In the most stunning sequence of Albert Serra's beloved Peace Ships, several small cruise ships navigate the gently rolling waters below them off the coast of Tahiti. Laughter and shouts of joy could be heard over the sound of rolling and breaking waves, which would very well have screamed when one of the boats capsized. But the captains do their jobs masterfully, and everyone just rides, jumps, and runs fast, but that doesn't quite take away the anxiety that this lingering, unsettlingly hypnotic film haunts. Floating in this Polynesian paradise, where sun-kissed tropical splendor gives way to neon-lit black, is harder than it sounds.
A particularly skilled driver is a man known only as De Roller (Benoit Magimel), who serves as the French High Commissioner in Tahiti. As De Roller wears his white suit and tropical-patterned shirt, he wears his authority lightly and quietly, peering through tinted sunglasses at the world he considers his own. It is a relic of European colonialism, representative of a weak but almost extinct state in the region. He is also a self-proclaimed expat and guide about the island and its various conflicting, overlapping agendas. A story that unfolds in a ghostly and metaphorical fog, its own motives remain unclear, preferring to hint at rather than solve mysteries.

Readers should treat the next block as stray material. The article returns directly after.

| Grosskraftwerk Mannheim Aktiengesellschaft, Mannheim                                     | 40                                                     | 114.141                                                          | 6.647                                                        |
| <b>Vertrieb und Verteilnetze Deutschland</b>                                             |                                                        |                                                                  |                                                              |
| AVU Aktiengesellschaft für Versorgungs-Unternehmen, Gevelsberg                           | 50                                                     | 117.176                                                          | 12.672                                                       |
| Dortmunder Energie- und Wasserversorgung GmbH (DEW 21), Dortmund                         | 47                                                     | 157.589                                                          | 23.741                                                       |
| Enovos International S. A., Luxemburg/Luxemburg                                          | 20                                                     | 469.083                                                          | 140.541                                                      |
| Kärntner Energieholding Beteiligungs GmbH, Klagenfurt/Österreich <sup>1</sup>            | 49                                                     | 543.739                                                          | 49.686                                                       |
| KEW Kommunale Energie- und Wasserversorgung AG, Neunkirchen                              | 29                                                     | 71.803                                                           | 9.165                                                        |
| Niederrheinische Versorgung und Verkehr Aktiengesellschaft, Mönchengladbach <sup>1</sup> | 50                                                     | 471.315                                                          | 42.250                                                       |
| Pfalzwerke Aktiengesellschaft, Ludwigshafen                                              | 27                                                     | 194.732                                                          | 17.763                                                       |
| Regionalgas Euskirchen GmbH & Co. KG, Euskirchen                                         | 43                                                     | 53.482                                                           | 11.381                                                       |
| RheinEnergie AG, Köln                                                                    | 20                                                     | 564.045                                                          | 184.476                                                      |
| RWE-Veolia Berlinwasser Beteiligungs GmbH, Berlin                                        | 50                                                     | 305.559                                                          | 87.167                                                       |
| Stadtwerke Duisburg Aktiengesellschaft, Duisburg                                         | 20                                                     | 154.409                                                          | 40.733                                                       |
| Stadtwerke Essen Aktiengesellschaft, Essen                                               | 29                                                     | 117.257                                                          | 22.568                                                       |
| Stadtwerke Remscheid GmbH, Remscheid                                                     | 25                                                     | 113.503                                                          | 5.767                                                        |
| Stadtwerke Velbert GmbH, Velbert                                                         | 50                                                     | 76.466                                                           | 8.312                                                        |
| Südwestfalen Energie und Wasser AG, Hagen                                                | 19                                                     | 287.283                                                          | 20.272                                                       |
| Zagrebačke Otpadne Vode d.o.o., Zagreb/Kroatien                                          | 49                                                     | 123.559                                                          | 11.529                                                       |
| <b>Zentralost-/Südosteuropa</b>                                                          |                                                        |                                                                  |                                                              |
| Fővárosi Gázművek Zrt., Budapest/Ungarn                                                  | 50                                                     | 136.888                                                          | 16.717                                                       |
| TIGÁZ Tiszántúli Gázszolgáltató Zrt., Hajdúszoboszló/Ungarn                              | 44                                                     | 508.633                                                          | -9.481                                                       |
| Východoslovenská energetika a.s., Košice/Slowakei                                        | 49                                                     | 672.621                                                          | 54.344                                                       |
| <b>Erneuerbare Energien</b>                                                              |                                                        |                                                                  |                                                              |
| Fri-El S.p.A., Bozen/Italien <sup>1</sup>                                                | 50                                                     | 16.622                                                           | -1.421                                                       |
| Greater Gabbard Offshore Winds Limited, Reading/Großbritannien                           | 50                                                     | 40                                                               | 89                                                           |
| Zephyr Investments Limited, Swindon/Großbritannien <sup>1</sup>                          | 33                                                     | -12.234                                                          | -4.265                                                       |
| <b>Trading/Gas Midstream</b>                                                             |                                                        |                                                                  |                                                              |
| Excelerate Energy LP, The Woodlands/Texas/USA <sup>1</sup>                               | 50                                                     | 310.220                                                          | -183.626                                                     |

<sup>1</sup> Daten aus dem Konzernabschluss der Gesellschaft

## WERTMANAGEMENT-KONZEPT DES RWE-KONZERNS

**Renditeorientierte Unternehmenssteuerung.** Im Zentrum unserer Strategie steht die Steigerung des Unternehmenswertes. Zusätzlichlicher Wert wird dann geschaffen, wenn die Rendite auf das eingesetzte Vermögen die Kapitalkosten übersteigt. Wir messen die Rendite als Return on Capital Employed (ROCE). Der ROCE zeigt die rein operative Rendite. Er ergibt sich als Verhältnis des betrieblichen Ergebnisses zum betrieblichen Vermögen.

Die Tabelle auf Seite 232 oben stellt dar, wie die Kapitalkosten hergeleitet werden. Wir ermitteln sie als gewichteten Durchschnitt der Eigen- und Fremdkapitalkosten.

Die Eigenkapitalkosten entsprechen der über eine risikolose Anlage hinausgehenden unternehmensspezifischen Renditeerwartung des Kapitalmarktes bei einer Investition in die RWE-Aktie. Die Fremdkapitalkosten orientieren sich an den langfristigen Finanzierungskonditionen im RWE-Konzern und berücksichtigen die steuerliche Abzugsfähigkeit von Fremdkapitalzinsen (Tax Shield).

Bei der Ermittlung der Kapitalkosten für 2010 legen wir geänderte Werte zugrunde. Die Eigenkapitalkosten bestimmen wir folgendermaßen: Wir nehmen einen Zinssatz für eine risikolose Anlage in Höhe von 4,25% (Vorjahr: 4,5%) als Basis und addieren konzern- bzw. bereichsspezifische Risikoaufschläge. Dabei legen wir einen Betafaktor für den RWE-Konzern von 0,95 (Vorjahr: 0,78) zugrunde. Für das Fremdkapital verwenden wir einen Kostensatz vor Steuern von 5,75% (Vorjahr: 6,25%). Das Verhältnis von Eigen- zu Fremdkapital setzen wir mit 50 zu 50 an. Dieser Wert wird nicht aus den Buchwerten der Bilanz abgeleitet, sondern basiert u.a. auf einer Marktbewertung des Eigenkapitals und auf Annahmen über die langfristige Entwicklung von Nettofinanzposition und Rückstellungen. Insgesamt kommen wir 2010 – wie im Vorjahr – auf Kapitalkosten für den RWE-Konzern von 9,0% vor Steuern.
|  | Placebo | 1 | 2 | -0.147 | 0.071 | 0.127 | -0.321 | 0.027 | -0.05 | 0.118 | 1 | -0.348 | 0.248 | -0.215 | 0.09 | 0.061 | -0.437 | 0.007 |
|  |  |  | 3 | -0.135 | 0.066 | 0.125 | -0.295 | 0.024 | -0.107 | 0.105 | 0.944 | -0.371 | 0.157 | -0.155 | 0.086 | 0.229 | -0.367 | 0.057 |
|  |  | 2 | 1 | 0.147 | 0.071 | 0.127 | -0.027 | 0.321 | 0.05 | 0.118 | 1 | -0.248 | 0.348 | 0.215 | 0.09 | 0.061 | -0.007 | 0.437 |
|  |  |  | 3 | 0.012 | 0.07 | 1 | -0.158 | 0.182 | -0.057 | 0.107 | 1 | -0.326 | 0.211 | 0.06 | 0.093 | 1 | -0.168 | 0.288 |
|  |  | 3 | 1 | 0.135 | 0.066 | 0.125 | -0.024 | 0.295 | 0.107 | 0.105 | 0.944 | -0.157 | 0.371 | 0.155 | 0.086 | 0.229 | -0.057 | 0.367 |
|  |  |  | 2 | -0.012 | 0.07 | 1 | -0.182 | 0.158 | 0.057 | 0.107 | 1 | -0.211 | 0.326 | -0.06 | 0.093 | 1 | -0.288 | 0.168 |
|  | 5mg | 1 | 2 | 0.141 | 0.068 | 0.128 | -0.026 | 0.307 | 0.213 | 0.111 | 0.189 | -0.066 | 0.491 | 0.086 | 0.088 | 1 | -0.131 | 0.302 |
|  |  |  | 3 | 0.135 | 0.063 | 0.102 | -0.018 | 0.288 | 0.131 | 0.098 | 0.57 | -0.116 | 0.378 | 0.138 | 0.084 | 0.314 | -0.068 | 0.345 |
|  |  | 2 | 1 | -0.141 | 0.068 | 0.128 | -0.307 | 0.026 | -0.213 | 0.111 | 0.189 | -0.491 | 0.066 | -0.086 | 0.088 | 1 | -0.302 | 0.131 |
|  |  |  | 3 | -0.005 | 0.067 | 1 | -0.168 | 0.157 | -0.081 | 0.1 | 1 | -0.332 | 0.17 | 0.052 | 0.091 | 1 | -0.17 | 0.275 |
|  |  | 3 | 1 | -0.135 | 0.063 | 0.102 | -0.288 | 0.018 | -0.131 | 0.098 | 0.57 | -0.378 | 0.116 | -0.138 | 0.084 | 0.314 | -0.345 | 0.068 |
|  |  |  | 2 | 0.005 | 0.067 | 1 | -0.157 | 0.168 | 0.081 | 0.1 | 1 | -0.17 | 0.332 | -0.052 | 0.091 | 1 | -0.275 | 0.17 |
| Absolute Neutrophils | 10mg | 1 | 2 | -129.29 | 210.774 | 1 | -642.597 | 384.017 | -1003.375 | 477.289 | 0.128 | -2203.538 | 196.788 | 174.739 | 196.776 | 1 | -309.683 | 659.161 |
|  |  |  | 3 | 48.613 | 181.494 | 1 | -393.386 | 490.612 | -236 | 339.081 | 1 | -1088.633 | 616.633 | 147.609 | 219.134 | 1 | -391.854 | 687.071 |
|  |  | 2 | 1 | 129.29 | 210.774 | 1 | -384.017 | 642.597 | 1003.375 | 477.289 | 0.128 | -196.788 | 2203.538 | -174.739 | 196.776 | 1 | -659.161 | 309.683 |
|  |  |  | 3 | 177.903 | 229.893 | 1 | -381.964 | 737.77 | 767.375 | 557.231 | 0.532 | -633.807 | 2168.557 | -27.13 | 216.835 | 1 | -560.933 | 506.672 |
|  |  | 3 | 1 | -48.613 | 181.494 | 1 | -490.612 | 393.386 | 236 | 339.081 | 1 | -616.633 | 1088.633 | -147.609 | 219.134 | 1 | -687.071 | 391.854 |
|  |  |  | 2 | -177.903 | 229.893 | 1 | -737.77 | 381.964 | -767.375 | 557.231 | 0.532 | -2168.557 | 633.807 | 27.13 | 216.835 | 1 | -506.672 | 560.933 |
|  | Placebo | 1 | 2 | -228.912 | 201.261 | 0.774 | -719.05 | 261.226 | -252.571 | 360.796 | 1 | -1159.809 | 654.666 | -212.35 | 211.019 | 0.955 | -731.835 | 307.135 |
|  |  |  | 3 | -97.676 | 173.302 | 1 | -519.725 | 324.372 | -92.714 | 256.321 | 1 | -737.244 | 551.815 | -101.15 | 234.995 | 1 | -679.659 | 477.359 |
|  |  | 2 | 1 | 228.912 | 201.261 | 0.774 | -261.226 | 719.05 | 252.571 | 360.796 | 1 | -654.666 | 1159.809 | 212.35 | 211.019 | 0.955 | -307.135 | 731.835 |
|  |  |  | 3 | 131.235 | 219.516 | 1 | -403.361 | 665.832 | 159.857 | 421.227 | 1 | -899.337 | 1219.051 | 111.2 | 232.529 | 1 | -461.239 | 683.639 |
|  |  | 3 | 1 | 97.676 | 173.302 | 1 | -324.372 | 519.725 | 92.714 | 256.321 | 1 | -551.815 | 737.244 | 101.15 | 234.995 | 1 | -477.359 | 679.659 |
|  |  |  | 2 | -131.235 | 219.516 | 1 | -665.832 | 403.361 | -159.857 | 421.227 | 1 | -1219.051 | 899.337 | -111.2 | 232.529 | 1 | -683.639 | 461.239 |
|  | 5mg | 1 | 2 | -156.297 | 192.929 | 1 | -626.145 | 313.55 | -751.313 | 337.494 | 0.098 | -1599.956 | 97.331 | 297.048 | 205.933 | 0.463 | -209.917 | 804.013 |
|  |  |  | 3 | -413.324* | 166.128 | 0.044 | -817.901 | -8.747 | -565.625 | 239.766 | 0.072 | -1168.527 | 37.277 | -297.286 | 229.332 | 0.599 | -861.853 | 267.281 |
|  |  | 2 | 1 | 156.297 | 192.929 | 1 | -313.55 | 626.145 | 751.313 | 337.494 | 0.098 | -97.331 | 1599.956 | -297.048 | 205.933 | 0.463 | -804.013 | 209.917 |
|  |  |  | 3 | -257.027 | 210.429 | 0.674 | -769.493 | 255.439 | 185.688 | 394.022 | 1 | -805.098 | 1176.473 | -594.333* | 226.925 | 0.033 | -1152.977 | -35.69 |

In the evening, De Roller serves cocktails under umbrellas (not always easy to tell) in a bar packed with locals and visitors, with waiters in glow-in-the-dark T-shirts and bikinis. During the day, he entertains guests, gives speeches, gathers information and attends meetings, the most controversial of which is a local activist (the irascible Matahi Pambrew) who questions de Rollery about a disturbing development on the glorious peach horizon. France is rumored to be planning to resume nuclear testing around the island, indicated by the French marines we see arriving early with Deroller's next husband, the Admiral (Marc Sosini).
A situation reminiscent of the name "Peace" in a slow, action-challenging way in real life; Between 1966 and 1996, dozens of nuclear tests were conducted in Polynesia, resulting in approximately 110,000 people exposed to radiation and catastrophic casualties. For people and the environment. The like of which France has never known. Sometimes we hear an allusion to this victimization when a character describes the multiple cancers (breast, throat, thyroid) that a local woman suffered in succession. But these episodes are unseen and largely undramatic, such as the semi-scheme and the stolen passport of a Portuguese diplomat (Alexandre Mello) or the stolen conversation about the smuggling of Tahitian women aboard a French nuclear submarine. Image scrolling: